Collagen is a protein that has the function of giving structure to our cells, maintaining the youthful appearance of the skin, nails and hair. In addition, it helps our bones, muscles and joints.
It is the most common protein in our body, representing up to 30% of them. The substance is produced by the body itself, but it can be ingested for supplementation. For the correct production of this essential protein, the body needs vitamin C, ascorbic acid. This vitamin is the raw material for collagen.
When you consume collagen, your body distributes it like any other nutrient, using it in the way it believes is best. That is, it is your body that chooses where each nutrient goes and what to do with it.
Thus, ingesting high doses of the required amount of collagen does not mean that the body will produce more of this protein. This intake can cause other proteins to be produced – or perhaps your body will send it all away.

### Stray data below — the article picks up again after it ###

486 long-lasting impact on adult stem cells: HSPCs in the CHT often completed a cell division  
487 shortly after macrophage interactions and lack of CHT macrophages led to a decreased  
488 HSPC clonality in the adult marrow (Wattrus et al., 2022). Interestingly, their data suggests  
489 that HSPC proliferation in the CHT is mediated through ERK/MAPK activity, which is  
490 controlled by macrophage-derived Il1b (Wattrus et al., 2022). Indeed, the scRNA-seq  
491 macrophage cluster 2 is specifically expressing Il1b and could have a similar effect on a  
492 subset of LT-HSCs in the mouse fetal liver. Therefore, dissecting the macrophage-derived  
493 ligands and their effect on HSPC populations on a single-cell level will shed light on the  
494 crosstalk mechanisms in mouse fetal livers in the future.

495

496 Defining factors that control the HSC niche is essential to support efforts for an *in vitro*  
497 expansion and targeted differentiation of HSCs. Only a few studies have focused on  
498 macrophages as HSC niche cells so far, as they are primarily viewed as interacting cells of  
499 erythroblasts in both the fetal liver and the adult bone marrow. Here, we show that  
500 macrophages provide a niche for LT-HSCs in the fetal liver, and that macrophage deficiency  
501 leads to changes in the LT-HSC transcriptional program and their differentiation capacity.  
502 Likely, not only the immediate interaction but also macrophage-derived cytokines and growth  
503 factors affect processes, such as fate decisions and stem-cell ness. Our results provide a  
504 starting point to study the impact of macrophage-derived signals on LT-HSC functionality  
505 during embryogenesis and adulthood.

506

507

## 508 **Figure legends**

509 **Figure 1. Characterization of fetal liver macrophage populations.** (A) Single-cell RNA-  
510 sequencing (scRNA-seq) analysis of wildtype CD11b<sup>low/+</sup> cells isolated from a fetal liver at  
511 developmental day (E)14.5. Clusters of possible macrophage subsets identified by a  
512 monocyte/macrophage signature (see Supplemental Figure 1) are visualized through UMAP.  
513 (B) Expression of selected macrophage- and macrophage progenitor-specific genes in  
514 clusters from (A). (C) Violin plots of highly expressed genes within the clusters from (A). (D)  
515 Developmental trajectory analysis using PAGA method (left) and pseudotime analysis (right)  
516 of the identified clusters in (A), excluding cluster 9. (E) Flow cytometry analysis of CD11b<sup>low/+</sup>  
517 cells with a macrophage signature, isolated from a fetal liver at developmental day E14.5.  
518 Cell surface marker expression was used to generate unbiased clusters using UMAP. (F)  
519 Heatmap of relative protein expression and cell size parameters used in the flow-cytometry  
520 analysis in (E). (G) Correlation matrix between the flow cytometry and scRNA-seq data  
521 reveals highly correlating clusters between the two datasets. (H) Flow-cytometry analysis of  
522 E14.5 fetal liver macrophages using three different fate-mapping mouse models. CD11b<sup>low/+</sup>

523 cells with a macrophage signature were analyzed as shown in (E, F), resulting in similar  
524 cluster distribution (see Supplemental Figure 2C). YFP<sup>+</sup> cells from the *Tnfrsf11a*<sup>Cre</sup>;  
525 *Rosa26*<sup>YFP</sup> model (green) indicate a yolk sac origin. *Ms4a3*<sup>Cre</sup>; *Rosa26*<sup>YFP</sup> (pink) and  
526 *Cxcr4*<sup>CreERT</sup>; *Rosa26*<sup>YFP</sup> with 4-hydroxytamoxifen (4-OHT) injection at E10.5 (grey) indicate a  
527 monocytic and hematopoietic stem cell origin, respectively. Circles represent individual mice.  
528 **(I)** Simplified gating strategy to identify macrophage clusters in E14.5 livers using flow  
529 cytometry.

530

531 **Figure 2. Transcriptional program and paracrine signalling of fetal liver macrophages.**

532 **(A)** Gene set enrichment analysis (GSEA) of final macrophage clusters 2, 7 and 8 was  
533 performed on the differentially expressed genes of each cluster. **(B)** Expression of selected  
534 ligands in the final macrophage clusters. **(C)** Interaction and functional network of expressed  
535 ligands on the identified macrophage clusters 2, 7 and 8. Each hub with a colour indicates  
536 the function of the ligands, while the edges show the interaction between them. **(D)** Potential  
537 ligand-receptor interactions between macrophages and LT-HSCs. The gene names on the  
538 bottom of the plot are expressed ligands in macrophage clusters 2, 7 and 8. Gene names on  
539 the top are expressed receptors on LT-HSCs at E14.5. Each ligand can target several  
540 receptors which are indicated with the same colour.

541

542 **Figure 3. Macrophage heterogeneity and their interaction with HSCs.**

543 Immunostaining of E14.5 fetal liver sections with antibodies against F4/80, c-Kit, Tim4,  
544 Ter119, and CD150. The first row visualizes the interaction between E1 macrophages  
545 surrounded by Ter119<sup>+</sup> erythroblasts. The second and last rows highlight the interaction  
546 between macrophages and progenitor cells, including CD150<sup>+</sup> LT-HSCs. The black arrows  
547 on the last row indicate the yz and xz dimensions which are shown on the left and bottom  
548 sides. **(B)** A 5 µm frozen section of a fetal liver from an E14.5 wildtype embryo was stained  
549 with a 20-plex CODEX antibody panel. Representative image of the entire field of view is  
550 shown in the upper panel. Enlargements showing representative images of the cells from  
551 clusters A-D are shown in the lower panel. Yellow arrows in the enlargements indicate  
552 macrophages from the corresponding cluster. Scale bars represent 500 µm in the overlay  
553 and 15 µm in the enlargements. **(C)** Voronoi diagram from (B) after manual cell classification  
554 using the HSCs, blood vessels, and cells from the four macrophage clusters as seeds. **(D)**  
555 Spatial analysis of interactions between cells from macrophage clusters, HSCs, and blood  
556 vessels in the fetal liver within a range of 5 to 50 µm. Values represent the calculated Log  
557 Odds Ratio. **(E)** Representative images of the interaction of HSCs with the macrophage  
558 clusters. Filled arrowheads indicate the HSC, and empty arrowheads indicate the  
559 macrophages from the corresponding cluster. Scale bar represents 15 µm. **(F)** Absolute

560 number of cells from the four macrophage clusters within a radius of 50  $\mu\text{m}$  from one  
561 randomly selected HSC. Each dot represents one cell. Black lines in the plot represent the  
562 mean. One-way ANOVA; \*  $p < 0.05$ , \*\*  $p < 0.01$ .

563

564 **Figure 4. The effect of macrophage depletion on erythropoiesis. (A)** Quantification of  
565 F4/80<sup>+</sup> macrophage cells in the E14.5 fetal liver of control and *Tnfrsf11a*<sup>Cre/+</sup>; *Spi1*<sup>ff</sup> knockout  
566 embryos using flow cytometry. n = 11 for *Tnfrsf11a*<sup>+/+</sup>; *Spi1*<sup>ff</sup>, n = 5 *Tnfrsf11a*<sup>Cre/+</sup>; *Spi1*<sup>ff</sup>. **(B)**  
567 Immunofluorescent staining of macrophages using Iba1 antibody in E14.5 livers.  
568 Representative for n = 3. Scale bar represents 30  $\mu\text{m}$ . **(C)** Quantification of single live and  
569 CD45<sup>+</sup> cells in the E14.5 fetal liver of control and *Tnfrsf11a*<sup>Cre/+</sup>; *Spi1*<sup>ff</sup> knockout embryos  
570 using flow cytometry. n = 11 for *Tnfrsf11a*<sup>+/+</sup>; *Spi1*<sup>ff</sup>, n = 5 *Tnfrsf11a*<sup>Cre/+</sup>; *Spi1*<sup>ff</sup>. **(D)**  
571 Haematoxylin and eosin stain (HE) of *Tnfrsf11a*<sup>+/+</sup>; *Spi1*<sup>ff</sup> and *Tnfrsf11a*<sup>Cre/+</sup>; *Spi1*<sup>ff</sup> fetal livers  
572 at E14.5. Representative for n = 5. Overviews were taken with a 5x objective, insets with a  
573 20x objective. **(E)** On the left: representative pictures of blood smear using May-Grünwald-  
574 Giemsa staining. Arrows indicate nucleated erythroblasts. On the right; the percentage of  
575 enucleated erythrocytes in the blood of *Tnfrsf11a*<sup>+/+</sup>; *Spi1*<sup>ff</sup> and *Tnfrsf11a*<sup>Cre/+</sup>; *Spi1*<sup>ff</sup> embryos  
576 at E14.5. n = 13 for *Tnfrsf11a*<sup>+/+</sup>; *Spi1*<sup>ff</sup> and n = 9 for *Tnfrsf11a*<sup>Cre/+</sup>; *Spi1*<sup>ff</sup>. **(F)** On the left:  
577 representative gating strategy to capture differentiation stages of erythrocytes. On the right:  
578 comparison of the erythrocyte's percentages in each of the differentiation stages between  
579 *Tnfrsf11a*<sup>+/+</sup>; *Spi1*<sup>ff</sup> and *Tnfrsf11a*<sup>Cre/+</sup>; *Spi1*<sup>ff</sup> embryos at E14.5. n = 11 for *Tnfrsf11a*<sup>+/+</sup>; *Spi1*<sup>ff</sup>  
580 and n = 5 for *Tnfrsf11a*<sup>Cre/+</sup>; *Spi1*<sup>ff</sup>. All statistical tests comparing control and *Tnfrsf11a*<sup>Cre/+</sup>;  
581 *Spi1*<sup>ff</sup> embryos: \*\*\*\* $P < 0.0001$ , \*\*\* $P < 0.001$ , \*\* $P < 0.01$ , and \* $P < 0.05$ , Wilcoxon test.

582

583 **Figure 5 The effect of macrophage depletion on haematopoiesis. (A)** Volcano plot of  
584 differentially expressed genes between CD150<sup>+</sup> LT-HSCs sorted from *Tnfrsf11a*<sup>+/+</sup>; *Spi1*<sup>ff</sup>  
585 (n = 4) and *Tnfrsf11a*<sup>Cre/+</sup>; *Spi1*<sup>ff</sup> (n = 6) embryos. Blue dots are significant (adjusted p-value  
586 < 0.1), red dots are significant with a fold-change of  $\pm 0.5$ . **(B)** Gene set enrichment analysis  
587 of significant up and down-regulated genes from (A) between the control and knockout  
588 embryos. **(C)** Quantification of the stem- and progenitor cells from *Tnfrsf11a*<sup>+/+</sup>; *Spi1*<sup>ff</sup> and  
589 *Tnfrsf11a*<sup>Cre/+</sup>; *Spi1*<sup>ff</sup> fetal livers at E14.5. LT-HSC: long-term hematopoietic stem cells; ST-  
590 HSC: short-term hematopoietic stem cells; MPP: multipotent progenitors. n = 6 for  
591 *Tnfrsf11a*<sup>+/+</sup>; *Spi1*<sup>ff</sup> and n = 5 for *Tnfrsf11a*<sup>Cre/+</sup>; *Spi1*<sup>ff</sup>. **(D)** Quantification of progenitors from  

At the same time, if the body feels it needs to produce more collagen, it is important that the necessary substances (especially vitamin C and some amino acids) are present for the production to take place properly. Among the amino acids that participate in this process are:
- Glycine : found in pig skin, chicken skin, meat, soy protein and pumpkin seed;
- Lysine : found in seafood, soy-based products, dairy products and vegetables (low concentration);
- Proline : found in egg white, cabbage, asparagus and mushrooms.
Therefore, if you are healthy, have a balanced diet, with a good intake of proteins, and your collagen production is sufficient, supplementation may not bring the expected benefits.
However, it does not hurt to nourish the body, and if you want to ensure that yours has enough collagen, you can eat foods rich in this nutrient daily, letting your body do its job.
If you want to start collagen supplementation, consult a nutritionist to assess this need . In certain cases (as in vegan or vegetarian people, in addition to the elderly), the practice may be necessary and bring good results.